If you, or a family member, are injured in a car accident, taking photographs at the scene of the accident is a precise and practical way of collecting evidence.
This is according to Kirstie Haslam, partner at DSC Attorneys, who says that graphic images of the damages, injuries and factors that may have contributed to the accident are not easily challenged.
“As a result, car accident photographs are vital legal aids that can be used to help you secure a claim from the Road Accident Fund (RAF), and/or an insurance company,” she said.
“Photographs can be used to corroborate your version of how and why the accident occurred. They are also useful visual aids that can jog your memory, when and if the details of the accident begin to fade.”
To ensure you capture the right kinds of images in the best possible way, Haslam provides a quick guide on what pictures to take, and the important points to remember.
What photos to take at the accident scene
- Damages: Make a record of the damages to your car, and the other vehicle or vehicles involved in the accident. If there is debris lying on the road, capture it on camera. Similarly with a road barrier, traffic sign or building that was damaged as a result of the accident.
- Injuries: Take photographs of your injuries, and the injuries of anyone else involved in the accident.
- The scene: Photograph the surrounding area to provide context to the accident. Take pictures of the road and pay special attention to skid marks or partially concealed road signs. Snap the street lamps, houses and businesses located nearby, and any other elements that can be used as evidence.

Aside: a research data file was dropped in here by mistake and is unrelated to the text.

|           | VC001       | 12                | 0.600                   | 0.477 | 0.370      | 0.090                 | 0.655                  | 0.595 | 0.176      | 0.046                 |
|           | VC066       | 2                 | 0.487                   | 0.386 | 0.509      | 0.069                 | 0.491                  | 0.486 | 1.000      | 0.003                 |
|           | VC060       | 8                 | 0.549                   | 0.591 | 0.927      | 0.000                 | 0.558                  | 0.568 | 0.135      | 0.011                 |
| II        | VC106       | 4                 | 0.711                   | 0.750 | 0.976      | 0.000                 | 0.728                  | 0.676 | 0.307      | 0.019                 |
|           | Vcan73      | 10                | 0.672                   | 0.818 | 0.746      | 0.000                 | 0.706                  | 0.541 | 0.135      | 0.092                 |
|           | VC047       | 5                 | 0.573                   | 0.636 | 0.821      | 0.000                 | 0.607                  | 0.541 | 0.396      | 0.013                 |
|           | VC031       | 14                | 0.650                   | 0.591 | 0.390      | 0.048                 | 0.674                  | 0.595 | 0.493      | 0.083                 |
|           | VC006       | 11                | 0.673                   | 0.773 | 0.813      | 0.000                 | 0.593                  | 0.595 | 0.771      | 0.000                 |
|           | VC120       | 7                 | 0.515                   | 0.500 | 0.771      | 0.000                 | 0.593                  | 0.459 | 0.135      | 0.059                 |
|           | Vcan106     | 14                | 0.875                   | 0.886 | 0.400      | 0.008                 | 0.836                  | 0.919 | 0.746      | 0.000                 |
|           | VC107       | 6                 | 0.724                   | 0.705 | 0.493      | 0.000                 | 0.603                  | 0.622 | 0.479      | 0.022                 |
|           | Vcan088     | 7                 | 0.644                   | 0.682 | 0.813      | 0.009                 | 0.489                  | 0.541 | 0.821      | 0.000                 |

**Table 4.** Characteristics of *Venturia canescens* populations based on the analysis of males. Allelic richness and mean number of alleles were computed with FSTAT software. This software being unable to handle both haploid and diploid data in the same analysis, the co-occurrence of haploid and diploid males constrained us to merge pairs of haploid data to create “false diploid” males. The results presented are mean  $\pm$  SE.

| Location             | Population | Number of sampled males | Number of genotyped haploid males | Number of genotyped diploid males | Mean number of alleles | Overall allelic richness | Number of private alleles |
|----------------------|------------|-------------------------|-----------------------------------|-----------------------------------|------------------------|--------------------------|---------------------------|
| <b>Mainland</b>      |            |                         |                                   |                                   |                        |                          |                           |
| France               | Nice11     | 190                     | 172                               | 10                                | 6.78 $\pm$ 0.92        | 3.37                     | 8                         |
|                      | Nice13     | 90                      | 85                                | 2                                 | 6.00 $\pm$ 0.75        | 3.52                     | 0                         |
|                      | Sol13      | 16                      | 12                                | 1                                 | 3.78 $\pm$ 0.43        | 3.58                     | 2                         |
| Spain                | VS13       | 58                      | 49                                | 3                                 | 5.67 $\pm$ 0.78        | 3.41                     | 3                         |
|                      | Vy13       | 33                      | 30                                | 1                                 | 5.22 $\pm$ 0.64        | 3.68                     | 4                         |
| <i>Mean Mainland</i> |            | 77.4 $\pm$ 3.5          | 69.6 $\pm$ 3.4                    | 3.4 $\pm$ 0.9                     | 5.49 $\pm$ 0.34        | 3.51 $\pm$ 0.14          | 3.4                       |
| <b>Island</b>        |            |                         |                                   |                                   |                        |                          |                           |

- Accident details: Ensure you capture important details, such as the make and model of the other car or cars, license plates and discs and the drivers’ identity document or driver’s license.
- Weather conditions: Record the ambient conditions at the scene of the accident. If it is dark or the visibility is poor, take photographs with and without a flash.
To ensure your car accident photographs provide a concise record of events, Haslam said that there are a few important points to bear in mind:
- Ensure the camera’s date and time stamp functionality is working.
- Take multiple photographs, as relevant, of all the elements mentioned above, including the scene, damages, causal factors, conditions and injuries.
- Take close up and wide angle shots of all the different aspects of the accident.
- Make use of your camera’s video mode as another way of collecting evidence.
- Be aware of the lighting and use a flash if required.